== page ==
Modern ARM cores implement a very long pipeline internally, but the original design was three stage. And this leaks out into the visible value of, for example, the pc (which is generally 8 bytes away from where you think it should be – different pipeline stage). This is the reason why PC relative addressing can be confusing (though assemblers help to deal with this). Another issue is that the ARM fixed-width instructions didn’t traditionally have a direct parallel to the PPC “li” “ori” address loading sequence. Instead, a 4K pc-relative address could be easily loaded in one instruction, a 64K pc-relative in two, and certain other addresses could be loaded by means of the built-in barrel shifter used in (e.g.) the addition instruction or by using a “literal pool”, depending upon the assembler. This means that traditionally, only certain addresses could be loaded with a “LDR” “meta” assembly instruction, and that the assembler would try to replace your LDR with appropriate shifts (in possibly several instructions), etc. If it were unable to do so, it would generate a warning. You could also load addresses directly from memory and jump to those that way by means of loading them in to the pc. ARM “bl” relative branches (which use a direct label address) have a 32-MB limit, traditionally requiring trampolines to handle larger jumps[0]. Since ARMv6T2, there is a movt instruction for loading the top 16 bits of a register (leaving the lower alone), and since ARMv7 there is even a movw (load a value into lower 16 bits and zero the upper part), which now allows a movw/movt combination akin to the li/ori combination on PowerPC. A mov/movt combo is used by, e.g. GCC when generating longer jumps (in which it loads the pc directly).

The ABI for ARM was changed a few years ago from the OABI (old ABI) to the EABI (not to be confused with the PowerPC ABI of the same name). In particular, system calls are no longer implemented by passing the system call number in the “comment” field of the system call instruction, but are instead passed by means of register (faster than having the kernel poke at the memory to find what number was contained within that instruction). Also, 64-bit values are passed using sequential registers, beginning on an evenly aligned register number. The ARM implements a limited number of trap vectors, traditionally located at 0×0000_0000 but today possibly relocated high at 0xffff_0000 (this is the preference of the kernel, if it is possible, since it avoids having the NULL physical page over-used).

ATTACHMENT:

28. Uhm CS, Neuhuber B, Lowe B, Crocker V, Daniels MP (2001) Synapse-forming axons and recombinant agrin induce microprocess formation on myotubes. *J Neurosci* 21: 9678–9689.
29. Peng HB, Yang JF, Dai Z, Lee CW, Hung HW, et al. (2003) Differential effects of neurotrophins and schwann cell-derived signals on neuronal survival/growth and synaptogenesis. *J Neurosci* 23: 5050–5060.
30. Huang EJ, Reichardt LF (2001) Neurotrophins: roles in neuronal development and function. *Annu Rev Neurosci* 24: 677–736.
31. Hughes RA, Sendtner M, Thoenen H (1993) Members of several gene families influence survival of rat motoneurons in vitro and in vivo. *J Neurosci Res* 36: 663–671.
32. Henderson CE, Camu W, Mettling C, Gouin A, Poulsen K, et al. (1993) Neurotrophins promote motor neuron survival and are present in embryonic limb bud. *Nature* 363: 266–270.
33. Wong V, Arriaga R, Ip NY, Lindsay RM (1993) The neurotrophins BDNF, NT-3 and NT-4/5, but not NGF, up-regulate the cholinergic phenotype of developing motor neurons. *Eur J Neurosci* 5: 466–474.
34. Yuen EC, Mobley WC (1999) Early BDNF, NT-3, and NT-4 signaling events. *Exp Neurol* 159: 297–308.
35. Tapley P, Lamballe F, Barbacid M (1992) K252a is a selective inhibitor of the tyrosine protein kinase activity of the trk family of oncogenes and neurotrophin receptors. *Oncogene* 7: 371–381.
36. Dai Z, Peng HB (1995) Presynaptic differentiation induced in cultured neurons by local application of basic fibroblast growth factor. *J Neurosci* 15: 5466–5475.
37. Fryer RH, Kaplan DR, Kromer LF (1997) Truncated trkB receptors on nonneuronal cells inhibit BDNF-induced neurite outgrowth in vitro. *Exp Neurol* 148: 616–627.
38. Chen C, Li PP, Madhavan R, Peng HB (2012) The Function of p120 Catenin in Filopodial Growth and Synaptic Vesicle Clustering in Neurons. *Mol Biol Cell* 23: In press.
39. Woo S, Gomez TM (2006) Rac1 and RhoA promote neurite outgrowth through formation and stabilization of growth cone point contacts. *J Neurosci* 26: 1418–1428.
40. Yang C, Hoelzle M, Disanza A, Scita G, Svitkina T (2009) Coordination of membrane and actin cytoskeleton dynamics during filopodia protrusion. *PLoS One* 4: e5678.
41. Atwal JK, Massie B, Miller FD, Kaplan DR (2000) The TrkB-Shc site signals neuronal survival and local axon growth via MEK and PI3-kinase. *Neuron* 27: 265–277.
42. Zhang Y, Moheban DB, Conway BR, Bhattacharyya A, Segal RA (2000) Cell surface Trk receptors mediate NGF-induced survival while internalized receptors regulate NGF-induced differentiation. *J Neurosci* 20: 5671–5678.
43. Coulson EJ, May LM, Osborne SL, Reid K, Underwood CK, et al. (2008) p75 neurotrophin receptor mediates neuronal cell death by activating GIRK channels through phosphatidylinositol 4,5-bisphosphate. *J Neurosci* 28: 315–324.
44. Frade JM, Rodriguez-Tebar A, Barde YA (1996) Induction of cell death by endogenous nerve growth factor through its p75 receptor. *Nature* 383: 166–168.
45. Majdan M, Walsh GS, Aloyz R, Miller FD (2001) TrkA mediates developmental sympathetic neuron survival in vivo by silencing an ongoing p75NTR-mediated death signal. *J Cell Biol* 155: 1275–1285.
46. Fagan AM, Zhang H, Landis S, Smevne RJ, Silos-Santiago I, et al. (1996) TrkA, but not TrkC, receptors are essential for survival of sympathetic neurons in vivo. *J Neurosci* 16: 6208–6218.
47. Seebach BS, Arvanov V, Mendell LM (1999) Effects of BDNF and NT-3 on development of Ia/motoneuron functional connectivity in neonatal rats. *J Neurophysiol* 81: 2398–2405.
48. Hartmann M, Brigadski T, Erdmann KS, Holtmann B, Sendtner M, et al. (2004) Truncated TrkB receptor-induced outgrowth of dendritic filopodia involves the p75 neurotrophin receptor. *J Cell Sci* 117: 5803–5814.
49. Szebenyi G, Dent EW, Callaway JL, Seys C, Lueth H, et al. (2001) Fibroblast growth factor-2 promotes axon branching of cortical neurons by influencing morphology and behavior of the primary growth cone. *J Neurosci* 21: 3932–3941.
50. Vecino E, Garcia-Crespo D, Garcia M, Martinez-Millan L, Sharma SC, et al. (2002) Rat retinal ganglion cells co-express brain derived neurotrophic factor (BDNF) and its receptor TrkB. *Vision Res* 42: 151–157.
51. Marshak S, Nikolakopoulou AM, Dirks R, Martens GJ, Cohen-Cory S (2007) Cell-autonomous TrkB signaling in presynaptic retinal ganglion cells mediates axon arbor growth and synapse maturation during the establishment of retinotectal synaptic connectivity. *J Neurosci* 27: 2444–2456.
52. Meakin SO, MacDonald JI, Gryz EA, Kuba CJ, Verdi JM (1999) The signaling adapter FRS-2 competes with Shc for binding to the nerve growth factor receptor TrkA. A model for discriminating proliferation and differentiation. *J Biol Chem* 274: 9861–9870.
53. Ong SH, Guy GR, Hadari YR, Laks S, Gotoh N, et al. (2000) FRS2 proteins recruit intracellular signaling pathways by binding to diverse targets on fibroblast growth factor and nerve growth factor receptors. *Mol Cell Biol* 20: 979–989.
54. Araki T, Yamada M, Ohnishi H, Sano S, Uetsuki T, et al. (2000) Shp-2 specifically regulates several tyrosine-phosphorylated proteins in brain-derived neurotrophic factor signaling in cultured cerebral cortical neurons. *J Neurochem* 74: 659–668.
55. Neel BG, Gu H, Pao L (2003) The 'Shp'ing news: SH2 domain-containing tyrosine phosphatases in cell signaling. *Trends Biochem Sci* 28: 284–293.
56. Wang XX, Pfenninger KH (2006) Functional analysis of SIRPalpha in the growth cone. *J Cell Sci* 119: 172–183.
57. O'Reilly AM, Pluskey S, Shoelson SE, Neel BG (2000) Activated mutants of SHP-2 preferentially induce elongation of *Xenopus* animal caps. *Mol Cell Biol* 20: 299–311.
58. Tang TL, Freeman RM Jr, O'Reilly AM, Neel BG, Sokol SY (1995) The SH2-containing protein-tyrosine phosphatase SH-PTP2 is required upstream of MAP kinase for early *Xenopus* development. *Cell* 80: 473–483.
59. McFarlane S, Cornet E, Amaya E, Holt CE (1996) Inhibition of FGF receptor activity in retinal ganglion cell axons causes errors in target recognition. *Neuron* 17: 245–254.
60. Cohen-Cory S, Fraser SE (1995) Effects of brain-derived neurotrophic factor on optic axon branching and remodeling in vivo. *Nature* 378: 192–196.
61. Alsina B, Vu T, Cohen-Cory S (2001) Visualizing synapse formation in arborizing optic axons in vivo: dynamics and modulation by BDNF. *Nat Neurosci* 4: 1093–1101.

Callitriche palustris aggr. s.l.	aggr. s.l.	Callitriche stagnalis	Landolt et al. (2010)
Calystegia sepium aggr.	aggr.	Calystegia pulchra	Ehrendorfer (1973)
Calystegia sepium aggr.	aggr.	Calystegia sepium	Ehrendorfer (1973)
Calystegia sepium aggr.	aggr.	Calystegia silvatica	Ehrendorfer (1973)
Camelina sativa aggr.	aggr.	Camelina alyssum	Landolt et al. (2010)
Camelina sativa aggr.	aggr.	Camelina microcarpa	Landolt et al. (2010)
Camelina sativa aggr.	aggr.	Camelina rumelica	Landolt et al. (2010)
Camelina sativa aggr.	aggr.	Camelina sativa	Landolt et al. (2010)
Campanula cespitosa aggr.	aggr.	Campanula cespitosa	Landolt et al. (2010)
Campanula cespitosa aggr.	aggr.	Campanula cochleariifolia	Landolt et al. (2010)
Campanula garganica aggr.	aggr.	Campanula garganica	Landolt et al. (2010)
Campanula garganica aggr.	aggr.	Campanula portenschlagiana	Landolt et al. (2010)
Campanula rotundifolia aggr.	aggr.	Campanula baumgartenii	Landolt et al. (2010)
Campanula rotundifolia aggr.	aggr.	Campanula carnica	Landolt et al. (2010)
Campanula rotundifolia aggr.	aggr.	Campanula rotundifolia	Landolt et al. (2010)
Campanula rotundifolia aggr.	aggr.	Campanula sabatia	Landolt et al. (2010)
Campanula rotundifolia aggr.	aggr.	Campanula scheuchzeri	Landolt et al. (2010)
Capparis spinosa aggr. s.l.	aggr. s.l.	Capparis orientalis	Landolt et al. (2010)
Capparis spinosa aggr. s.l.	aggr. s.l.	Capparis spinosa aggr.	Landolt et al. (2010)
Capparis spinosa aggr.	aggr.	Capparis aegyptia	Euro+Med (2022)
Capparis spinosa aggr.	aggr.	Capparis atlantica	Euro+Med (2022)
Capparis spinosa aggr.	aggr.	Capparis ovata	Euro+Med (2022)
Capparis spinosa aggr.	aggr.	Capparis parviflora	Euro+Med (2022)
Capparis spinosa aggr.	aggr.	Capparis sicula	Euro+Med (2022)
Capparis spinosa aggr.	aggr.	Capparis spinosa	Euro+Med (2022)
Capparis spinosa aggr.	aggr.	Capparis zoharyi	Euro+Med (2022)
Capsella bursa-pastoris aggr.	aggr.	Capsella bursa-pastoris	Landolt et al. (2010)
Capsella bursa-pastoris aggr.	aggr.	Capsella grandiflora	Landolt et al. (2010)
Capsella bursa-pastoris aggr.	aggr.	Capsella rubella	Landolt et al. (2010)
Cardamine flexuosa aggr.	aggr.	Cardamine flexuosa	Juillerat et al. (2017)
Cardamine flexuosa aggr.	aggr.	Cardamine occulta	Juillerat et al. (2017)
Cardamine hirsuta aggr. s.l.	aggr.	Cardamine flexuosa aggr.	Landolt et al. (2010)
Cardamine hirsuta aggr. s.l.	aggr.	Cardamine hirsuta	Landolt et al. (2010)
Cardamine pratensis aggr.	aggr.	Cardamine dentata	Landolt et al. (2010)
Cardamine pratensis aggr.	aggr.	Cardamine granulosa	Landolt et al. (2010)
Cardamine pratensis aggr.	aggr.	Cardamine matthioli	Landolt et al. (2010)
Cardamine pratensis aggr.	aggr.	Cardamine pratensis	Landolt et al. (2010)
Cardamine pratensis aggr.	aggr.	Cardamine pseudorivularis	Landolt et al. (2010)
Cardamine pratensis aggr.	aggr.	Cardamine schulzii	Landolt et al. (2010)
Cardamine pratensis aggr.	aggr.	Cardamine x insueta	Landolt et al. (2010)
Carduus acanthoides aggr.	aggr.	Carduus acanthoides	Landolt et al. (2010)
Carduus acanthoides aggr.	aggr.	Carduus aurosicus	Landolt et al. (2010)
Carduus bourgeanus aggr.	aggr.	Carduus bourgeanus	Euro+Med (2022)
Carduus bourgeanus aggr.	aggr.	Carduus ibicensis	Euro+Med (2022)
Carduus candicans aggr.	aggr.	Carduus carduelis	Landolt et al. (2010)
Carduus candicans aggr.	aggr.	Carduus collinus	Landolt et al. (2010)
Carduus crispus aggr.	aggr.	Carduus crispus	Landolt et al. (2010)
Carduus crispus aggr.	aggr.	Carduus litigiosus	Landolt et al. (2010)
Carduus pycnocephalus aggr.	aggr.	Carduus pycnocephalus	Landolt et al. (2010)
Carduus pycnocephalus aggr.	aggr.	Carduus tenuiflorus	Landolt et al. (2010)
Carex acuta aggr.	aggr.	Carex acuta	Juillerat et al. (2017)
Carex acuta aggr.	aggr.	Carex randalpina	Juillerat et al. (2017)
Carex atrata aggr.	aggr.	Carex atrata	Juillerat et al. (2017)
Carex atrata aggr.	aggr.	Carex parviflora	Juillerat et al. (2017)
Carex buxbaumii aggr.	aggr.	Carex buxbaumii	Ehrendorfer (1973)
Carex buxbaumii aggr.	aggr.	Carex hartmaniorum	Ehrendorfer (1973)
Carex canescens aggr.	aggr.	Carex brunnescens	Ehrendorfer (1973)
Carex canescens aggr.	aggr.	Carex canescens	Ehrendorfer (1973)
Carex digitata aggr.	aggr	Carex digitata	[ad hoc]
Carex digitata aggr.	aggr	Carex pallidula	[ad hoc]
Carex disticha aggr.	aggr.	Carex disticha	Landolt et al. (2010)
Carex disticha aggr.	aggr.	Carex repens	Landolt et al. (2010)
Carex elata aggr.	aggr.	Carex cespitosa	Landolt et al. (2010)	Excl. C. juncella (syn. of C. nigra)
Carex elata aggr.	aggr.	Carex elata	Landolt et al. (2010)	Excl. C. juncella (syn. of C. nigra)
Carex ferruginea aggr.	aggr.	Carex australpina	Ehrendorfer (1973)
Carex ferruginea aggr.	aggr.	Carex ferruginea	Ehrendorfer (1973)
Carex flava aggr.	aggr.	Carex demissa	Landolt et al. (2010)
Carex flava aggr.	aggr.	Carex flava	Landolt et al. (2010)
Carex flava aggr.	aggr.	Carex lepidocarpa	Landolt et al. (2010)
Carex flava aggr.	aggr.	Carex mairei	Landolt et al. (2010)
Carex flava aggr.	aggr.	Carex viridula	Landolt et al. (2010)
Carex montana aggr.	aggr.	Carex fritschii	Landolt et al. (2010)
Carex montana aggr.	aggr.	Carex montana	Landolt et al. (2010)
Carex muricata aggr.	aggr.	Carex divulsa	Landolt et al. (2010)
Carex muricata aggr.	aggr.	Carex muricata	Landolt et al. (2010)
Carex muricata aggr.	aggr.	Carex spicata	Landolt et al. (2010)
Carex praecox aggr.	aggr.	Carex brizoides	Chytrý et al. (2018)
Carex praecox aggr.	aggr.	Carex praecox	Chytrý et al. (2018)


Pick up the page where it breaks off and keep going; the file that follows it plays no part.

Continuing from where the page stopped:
Memory alignment is extremely important to ARM. Not only did it not have things like floating point for the longest time, but to keep the design simple, unaligned memory accesses weren’t really supported historically. Modern processors do have some support for handling unaligned access, but you generally want to avoid that. ARM deals in Bytes, Half-Words (16-bit), and Words (32-bit), none of this IA32 historical nonsense of “double words”. 64-bit values can be handled by means of multiple word instructions, and also manipulated in user code on some systems by use of the VFP, and so forth.

ARM don’t make processors directly. They define the ISA (currently v7, though processors still implement v4 and v5, etc.) and provide reference designs in the form of soft and hard (netlists, gates, etc.) cores to third parties. Depending upon the licensing (whether it is a foundry or merely a regular licensee), that third party might only have the right to implement what they are given. But if they have special foundry access, they can actually change the design. In any case, certain CPU functionality is optional. In the past, these were designated by letters after the CPU (e.g. “TDMI” for older cores implementing the then-optional Thumb instruction set, supporting virtual memory, debug, etc.), but today profiles are generally used instead. Cortex (the latest generation) provides for A, R, and M profiles, of which the Application profile (A) is what we care about.

ARM kernel

Execution of the ARM kernel begins in the inferred standard location of arch/arm/kernel/head.S, at the place very obvious labeled with “Kernel startup entry point”. At this point, the MMU must be off, the D-cache must be off, I-cache can be on or off, r0 must contain 0, r1 must contain the “machine number” (an ARM Linux standard assigned number, one per machine port, passed from the bootloader code), and r2 must contain the “ATAGS” pointer (a flexible data structure precursor to things like fdt and device trees that allows a bootloader to pass parameters). First, the processor mode is quickly set to ensure interrupts (FIQ and IRQ) are off, and that the processor is properly in Supervisor (SVC) mode. Then, MMU co-processor register c0 is copied into ARM register r9 to obtain the processor ID. This is followed by a call to __lookup_processor_type (contained within head-common.S, the common file for both MMU-enabled and non-MMU enabled ARM kernels – the latter are not covered by this document).